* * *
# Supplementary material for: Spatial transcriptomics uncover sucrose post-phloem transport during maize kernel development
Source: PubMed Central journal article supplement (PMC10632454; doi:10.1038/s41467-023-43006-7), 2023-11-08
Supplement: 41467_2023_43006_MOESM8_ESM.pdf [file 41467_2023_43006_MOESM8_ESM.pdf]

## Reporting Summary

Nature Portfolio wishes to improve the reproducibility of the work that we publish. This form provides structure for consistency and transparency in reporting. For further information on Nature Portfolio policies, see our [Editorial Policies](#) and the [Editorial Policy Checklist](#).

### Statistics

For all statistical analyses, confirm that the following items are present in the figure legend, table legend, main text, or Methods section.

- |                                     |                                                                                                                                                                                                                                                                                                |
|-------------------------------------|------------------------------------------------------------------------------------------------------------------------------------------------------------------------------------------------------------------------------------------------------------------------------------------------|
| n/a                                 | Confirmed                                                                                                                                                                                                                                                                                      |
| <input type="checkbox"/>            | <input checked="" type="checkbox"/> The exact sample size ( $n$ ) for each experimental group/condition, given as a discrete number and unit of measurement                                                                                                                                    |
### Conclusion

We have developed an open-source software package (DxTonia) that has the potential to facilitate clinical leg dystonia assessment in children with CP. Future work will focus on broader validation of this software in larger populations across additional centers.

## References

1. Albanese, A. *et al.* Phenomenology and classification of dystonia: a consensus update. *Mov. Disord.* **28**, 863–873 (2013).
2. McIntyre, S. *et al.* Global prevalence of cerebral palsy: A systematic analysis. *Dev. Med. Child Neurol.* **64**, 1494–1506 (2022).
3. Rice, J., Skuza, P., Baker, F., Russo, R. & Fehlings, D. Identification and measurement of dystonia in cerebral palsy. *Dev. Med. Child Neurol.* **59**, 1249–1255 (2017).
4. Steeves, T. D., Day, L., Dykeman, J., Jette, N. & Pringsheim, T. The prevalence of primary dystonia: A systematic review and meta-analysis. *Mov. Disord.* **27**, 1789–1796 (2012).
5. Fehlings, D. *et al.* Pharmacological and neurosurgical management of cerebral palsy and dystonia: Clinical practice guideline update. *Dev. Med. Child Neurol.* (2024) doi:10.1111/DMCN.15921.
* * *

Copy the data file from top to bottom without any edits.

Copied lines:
# Supplementary material for: Spatial transcriptomics uncover sucrose post-phloem transport during maize kernel development
Source: PubMed Central journal article supplement (PMC10632454; doi:10.1038/s41467-023-43006-7), 2023-11-08
Supplement: 41467_2023_43006_MOESM8_ESM.pdf [file 41467_2023_43006_MOESM8_ESM.pdf]

## Reporting Summary

Nature Portfolio wishes to improve the reproducibility of the work that we publish. This form provides structure for consistency and transparency in reporting. For further information on Nature Portfolio policies, see our [Editorial Policies](#) and the [Editorial Policy Checklist](#).

### Statistics

For all statistical analyses, confirm that the following items are present in the figure legend, table legend, main text, or Methods section.

- |                                     |                                                                                                                                                                                                                                                                                                |
|-------------------------------------|------------------------------------------------------------------------------------------------------------------------------------------------------------------------------------------------------------------------------------------------------------------------------------------------|
| n/a                                 | Confirmed                                                                                                                                                                                                                                                                                      |
| <input type="checkbox"/>            | <input checked="" type="checkbox"/> The exact sample size ( $n$ ) for each experimental group/condition, given as a discrete number and unit of measurement                                                                                                                                    |
### Conclusion

We have developed an open-source software package (DxTonia) that has the potential to facilitate clinical leg dystonia assessment in children with CP. Future work will focus on broader validation of this software in larger populations across additional centers.

## References

1. Albanese, A. *et al.* Phenomenology and classification of dystonia: a consensus update. *Mov. Disord.* **28**, 863–873 (2013).
2. McIntyre, S. *et al.* Global prevalence of cerebral palsy: A systematic analysis. *Dev. Med. Child Neurol.* **64**, 1494–1506 (2022).
3. Rice, J., Skuza, P., Baker, F., Russo, R. & Fehlings, D. Identification and measurement of dystonia in cerebral palsy. *Dev. Med. Child Neurol.* **59**, 1249–1255 (2017).
4. Steeves, T. D., Day, L., Dykeman, J., Jette, N. & Pringsheim, T. The prevalence of primary dystonia: A systematic review and meta-analysis. *Mov. Disord.* **27**, 1789–1796 (2012).
5. Fehlings, D. *et al.* Pharmacological and neurosurgical management of cerebral palsy and dystonia: Clinical practice guideline update. *Dev. Med. Child Neurol.* (2024) doi:10.1111/DMCN.15921.